Device and interface design: Lots of others have commented on the design fairly completely. The scale is wonderful, the interface is very legible, it’s simplicity and focus on core tasks is admirable (I use it to read, so make that easy, including customizing the type size). The dark flash onscreen at page turn is disconcerting and takes getting used to, the on and off switches on the reverse are odd especially when they’re obscured by the “book cover” holder, I am still trying to figure out some of the buttons on the front, the holder doesn’t quite fit the device, and the experimental functions are clearly still being worked out. (I can’t get Gmail access to work, and do I need another device to be constantly connected to email anyway? Please no. Found moments of peace free from email, IM, SMS and various phones are wonderful.)
Sharing: The missed opportunity with Amazon’s model for content delivery. My entire experience with books has been about sharing since I was two. There’s the public library, where I’ve grazed and been nourished by a shared pool of wonderful picture books as a toddler, stacks of books as an early reader, and later by fiction, research and reference, all available to an entire community. There’s sharing that same resource, as well as a large home library, with my children and family on a continuing basis. There’s lending books to friends, and donating them to shelters or schools or libraries when I’ve finished with them. This approach to books as a shared resource seems fundamental to what books are about for many in our culture, and probably in other countries as well.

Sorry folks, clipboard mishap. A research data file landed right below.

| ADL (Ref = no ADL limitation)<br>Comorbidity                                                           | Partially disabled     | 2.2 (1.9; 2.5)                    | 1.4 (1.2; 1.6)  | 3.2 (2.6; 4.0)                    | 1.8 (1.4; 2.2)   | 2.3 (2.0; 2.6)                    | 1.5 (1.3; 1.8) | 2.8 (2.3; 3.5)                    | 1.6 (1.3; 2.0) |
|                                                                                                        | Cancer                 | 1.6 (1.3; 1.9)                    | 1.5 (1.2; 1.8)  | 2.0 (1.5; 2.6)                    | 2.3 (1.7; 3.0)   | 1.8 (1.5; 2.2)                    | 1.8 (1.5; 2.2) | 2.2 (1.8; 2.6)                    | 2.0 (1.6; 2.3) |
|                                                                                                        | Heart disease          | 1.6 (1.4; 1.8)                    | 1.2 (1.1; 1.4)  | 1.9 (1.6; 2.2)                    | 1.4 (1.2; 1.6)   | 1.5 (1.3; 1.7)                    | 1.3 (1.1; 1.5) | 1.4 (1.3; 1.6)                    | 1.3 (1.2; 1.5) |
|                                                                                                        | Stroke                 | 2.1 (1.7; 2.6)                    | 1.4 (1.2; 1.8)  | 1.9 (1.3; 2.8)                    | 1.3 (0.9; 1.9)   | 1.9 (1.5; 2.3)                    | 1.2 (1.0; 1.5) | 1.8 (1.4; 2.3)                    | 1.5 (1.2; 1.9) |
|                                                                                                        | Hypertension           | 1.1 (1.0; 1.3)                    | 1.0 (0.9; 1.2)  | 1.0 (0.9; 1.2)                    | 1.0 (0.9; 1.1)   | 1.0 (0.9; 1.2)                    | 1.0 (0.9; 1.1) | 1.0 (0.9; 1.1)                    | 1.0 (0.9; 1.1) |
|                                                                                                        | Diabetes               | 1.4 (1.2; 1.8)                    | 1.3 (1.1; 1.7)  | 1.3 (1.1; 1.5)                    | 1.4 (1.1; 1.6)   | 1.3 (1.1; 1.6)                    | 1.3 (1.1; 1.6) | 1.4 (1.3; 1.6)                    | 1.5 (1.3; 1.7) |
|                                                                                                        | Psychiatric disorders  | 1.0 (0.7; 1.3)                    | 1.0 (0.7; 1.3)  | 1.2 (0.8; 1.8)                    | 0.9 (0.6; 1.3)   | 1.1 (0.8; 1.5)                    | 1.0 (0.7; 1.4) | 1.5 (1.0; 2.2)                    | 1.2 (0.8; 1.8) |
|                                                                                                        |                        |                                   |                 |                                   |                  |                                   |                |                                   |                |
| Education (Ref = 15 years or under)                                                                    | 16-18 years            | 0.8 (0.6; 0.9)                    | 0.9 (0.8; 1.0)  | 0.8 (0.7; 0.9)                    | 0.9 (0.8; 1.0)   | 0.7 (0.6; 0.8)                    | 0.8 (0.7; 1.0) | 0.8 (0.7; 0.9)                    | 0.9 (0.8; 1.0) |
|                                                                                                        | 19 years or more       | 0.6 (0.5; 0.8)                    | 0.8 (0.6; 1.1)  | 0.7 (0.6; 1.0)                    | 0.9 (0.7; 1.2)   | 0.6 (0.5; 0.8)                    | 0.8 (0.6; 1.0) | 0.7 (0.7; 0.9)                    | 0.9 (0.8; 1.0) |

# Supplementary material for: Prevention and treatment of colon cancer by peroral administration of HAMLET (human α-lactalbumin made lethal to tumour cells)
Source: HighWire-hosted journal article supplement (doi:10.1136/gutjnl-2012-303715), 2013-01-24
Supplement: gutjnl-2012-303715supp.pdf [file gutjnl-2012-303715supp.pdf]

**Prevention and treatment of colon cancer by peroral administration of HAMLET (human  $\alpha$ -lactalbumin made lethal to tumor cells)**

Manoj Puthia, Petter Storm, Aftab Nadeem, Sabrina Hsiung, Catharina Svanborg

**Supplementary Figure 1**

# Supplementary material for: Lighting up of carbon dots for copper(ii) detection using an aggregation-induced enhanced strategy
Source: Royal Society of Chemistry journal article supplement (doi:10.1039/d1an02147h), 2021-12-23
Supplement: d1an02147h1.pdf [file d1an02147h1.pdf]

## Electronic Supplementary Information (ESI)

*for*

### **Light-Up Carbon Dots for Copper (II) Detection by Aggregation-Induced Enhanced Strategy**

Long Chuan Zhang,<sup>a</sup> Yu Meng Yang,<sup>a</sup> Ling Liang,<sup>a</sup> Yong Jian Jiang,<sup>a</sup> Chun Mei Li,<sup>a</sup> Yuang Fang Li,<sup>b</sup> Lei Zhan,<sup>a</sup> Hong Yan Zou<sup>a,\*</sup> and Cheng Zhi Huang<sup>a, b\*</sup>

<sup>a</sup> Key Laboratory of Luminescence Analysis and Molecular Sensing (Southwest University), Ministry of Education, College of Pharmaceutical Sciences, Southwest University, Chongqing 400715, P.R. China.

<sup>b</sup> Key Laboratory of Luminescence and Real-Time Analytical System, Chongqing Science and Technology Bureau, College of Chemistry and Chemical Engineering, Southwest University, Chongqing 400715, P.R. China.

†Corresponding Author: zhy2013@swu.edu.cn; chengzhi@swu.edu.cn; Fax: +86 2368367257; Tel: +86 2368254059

Online access to books would ideally increase our opportunities to share and learn from each other, not eclipse them. On a fundamental level, why is the internet and the web of information so valuable? Because it enables us to share and help each other.
Amazon will share content I purchase with me, but not enable me to share it with others, beyond recommending it to others (with starring/rating/reviewing on their site) so that they can possibly purchase it too. With iTunes, if I purchase music, I can generally share it between five authorized computers, as well as rating for the larger audience. That means I can share my music with my family or a few friends. But with the Kindle, I can’t share the books I discover and enjoy with others. Even now, a few books I’d like to purchase, such as Michael Pollan’s works on food and the environment, my daughter also needs for her high school research project. But because my Kindle purchase would only be available on one device (if, for instance, we had two Kindles, a whole other issue) it makes it more economical to purchase the paperback book. There are threads of conversation on LibraryThing making the same point: “I’d lend it to you, but I read it off my Kindle.”
Especially for the potential educational uses of a device like this, the lack of opportunity to share (within limits, Amazon needs to stay afloat) seems like a missed opportunity. So I hope that as Amazon matures the Kindle and the store, they find ways to enable sharing, and by working with authors and publishers, ways to enable people to purchase and package customizable collections of content for such uses as education or research. Think what a gift to the health of kid’s backs that could be… going to school with a single book, rather than the huge backpacks they carry today.